In part one, "Yoga," Russill discusses how, as a culture, we have become so visually oriented that our sense of hearing has atrophied. "In various clinical and therapeutic applications, chanting has been found to control the production of stress hormones and increase the production of endorphins, the body's natural painkillers." He also makes the case that " to neglect our ears is to neglect our soul." Discussing the connection of Hatha Yoga and Sound Yoga he asserts that Hatha Yoga was designed for building the physical body and Sound Yoga for connecting to the Spirit and Divinity of the soul. He goes on to state that "Mantras, as sonic structures of energy and consciousness, form the basis of the Yoga of Sound in the same way that postures or positions (asanas) form the basis of Hatha yoga practice."
In part two, "Mantra" the use of mantra is discussed in general terms. Russill Paul states at the beginning of this chapter that because "they are difficult to understand and because they developed in one particular religious context" his objective here "is to anticipate some of the common reservations about mantras and remove any mental or emotional blocks that stand in the way of our using these amazing tools of the spiritual life." He also discusses "interspirituality," a simultaneous combination of paths. This is a subject he is in a unique position to understand as he was born in southern India into a Christian family and left home to become a renunciate at an ashram under Father Bede Griffiths, a Christian monk who used many Hindu traditions, including mantra. He explains Hindu philosophy, the power of the Sanskrit language, quotes Jesus and the Buddha, and enlightens us about different types or uses for mantra. Finally, he talks about how we might build a sonic community with mantras and what a set of mantras might mean for us in a daily practice, stating that "limiting your spiritual practice to a collection of mantras without regularly practicing a core mantra will not effectively bank the spiritual energy generated by your practice; it only assuages a superficial need for spiritual consciousness."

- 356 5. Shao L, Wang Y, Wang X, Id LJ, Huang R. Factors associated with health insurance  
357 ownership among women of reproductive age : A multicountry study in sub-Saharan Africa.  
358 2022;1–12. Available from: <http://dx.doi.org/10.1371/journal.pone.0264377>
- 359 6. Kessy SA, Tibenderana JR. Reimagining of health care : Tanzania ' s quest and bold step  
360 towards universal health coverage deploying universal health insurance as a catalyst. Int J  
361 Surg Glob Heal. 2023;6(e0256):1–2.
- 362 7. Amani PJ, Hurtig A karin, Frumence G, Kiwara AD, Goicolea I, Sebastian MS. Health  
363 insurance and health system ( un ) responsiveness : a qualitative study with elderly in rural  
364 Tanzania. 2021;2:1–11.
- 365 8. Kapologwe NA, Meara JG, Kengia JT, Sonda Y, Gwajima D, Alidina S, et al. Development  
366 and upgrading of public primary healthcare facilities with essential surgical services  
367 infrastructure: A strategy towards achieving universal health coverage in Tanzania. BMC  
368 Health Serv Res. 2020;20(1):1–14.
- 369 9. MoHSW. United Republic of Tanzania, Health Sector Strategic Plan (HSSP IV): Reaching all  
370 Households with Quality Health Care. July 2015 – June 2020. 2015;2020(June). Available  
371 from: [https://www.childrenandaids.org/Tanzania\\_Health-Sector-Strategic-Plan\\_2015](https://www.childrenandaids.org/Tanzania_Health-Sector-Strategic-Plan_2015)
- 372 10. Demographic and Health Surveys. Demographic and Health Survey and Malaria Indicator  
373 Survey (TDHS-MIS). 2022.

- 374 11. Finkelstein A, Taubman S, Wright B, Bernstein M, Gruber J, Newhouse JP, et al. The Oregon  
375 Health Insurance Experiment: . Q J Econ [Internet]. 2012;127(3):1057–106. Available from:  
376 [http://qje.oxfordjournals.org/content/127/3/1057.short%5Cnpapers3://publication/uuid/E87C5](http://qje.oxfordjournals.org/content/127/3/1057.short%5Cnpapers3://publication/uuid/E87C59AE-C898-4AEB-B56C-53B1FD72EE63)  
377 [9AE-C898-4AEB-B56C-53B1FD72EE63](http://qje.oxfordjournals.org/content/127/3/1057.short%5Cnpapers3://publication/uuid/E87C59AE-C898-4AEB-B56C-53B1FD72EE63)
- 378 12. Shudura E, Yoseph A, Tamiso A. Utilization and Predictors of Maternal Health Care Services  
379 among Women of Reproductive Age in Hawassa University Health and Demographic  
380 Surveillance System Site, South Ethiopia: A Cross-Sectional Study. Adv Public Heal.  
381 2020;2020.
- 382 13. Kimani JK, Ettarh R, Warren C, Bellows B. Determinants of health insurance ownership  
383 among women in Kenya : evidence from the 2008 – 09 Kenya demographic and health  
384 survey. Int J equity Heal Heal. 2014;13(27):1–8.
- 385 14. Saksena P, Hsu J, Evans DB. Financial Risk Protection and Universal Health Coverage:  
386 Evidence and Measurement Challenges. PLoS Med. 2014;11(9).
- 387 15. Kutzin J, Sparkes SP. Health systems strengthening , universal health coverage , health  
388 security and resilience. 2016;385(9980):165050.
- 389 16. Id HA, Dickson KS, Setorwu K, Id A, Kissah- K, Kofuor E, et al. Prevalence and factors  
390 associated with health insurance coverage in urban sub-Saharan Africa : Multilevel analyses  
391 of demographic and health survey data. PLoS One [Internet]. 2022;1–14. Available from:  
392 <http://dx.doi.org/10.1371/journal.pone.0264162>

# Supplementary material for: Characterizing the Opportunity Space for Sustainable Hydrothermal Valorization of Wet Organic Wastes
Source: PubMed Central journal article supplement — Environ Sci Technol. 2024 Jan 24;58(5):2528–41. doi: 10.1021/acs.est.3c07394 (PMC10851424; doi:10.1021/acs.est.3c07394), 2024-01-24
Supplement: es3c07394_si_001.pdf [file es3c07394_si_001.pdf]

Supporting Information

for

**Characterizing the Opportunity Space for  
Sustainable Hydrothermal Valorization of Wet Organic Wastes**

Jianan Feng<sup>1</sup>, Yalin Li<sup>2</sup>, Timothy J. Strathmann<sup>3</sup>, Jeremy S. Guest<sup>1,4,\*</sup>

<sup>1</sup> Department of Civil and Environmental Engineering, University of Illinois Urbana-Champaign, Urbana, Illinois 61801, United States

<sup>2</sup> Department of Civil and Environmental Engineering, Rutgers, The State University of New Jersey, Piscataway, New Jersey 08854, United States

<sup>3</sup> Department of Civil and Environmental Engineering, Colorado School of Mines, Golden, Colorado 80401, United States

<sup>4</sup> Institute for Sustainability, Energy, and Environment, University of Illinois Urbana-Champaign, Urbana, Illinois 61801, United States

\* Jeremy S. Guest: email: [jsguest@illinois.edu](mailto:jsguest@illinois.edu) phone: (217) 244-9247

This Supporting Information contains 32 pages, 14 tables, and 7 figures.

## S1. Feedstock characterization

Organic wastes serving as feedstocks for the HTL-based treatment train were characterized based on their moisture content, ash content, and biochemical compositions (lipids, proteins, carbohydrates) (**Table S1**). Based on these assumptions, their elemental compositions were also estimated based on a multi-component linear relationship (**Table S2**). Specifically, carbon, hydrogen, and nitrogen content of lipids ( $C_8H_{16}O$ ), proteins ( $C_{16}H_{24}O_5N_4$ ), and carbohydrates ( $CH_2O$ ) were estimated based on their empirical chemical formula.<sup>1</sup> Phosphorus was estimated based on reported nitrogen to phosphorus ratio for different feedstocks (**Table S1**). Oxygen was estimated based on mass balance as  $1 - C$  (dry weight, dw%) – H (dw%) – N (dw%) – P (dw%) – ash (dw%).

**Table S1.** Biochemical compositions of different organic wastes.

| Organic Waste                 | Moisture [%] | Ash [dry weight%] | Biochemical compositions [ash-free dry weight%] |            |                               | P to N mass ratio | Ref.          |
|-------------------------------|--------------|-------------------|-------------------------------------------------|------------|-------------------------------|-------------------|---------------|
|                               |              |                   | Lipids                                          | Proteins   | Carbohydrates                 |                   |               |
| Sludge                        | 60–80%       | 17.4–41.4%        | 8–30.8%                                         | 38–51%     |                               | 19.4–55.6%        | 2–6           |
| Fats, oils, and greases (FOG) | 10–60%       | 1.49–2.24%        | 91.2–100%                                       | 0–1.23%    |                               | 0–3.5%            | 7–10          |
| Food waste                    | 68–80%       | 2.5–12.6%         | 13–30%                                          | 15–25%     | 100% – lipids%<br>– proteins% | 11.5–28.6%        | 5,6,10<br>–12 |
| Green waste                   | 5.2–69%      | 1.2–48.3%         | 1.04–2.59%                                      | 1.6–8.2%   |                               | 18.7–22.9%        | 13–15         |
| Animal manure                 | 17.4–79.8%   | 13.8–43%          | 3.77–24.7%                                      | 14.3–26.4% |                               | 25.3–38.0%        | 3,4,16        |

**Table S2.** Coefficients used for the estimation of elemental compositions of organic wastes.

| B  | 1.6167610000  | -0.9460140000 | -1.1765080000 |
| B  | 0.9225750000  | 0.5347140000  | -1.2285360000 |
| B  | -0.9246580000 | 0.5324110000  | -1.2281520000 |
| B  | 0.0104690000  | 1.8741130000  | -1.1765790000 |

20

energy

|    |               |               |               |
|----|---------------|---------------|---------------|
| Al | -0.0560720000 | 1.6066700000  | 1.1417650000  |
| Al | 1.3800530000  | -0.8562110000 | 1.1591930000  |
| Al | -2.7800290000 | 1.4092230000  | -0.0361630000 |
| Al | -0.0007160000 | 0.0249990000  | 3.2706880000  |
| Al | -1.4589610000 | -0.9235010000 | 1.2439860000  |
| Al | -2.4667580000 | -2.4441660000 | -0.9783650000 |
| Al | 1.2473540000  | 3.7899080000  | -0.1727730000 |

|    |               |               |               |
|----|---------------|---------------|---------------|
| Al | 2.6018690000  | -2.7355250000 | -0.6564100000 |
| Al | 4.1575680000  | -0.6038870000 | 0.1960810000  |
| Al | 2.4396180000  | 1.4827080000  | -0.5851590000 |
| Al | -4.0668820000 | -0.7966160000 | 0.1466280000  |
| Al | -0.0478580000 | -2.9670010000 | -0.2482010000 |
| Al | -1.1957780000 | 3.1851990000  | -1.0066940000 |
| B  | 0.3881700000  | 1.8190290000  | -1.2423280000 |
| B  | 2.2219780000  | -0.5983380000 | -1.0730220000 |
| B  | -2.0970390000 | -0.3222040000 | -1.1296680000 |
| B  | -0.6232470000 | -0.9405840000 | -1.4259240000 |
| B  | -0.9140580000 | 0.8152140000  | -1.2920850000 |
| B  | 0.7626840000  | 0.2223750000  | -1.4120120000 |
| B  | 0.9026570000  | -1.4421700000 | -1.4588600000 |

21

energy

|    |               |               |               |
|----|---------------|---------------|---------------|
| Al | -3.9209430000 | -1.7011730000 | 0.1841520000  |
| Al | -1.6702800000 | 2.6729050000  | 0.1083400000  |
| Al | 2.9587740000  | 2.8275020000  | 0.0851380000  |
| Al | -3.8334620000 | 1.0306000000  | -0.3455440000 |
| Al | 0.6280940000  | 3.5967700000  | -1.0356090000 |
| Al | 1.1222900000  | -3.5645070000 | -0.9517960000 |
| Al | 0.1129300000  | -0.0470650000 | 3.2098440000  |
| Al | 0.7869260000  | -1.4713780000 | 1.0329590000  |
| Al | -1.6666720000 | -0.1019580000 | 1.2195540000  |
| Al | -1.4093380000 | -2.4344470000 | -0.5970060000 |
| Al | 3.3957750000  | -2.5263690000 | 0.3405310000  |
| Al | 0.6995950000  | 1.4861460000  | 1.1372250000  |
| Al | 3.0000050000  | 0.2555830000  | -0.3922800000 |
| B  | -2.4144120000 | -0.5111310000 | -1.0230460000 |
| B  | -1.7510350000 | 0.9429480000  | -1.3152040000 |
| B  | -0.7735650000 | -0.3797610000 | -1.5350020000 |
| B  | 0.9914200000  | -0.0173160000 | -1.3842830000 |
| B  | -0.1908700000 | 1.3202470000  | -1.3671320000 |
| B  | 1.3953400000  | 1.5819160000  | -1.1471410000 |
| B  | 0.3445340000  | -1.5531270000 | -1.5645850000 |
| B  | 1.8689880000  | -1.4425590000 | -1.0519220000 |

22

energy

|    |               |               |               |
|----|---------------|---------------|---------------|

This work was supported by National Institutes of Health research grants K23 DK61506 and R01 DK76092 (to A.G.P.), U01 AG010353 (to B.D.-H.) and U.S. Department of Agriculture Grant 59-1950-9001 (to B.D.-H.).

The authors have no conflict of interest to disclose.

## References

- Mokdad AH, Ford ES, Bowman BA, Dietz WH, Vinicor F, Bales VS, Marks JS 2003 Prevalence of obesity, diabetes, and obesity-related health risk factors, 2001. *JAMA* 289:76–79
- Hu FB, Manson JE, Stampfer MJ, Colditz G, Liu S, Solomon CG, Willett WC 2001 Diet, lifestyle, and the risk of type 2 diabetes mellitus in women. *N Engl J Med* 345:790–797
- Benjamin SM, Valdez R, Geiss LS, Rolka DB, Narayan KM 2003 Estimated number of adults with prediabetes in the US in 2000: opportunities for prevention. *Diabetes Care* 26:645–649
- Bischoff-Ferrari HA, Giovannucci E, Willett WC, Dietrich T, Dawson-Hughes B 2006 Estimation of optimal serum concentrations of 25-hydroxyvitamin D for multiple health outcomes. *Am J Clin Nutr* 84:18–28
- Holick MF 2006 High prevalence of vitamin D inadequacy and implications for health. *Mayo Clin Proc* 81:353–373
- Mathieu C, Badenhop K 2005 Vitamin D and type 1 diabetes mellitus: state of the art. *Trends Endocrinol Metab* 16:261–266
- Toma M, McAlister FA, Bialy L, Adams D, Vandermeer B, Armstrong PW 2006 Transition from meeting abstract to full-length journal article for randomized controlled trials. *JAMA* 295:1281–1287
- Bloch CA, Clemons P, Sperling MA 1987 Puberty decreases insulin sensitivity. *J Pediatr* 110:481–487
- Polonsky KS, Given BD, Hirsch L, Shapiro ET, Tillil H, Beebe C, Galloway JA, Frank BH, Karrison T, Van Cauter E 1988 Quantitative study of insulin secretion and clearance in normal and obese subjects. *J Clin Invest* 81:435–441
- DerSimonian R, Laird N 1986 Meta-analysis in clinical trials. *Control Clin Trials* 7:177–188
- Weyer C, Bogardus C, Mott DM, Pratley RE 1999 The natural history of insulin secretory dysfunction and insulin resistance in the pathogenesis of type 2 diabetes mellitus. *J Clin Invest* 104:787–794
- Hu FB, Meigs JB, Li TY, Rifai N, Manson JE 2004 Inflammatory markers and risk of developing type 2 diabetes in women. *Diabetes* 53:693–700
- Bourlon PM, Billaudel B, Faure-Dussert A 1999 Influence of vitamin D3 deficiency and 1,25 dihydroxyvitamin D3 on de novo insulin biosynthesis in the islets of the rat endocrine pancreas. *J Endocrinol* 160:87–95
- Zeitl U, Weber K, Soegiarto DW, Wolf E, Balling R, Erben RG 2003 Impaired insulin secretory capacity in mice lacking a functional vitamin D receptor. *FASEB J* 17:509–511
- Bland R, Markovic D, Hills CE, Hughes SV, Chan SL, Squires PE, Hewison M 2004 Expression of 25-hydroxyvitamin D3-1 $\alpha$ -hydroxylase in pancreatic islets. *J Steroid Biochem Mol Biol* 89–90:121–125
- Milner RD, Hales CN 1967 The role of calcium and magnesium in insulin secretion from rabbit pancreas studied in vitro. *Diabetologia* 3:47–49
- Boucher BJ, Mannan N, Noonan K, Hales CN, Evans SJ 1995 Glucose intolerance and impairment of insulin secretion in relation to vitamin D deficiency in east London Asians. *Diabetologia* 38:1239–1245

In part three, "Tradition," the four streams of Sound Yoga are explored in depth, relating the historical context and specific use and intent of each. Shabda Yoga, which uses Vedic Mantras, is oriented towards the cosmos and focuses on combining "sound, word, and meaning to generate flashes of intuition, spiritual perception, and poetic inspiration." The awakening of intuition is attained by the proper use of grammar and phonetics, making the whole greater than the parts. The mantras can be considered vehicles of the spiritual realm, transporting not only the practitioners but also listeners to higher states of consciousness.
Shakti Yoga, rooted in the body and coming from the Tantric tradition, views the individual letters of the Sanskrit language as being "sonic structures that form the basic building blocks of the universe." This tradition uses basic sound structures, or bijas (seed syllables), to connect with ourselves, wielding the "energetic force (Kundalini), awaken siddhis (spiritual powers and perceptions), and lead to the realization of ecstatic union that is both sexual and spiritual."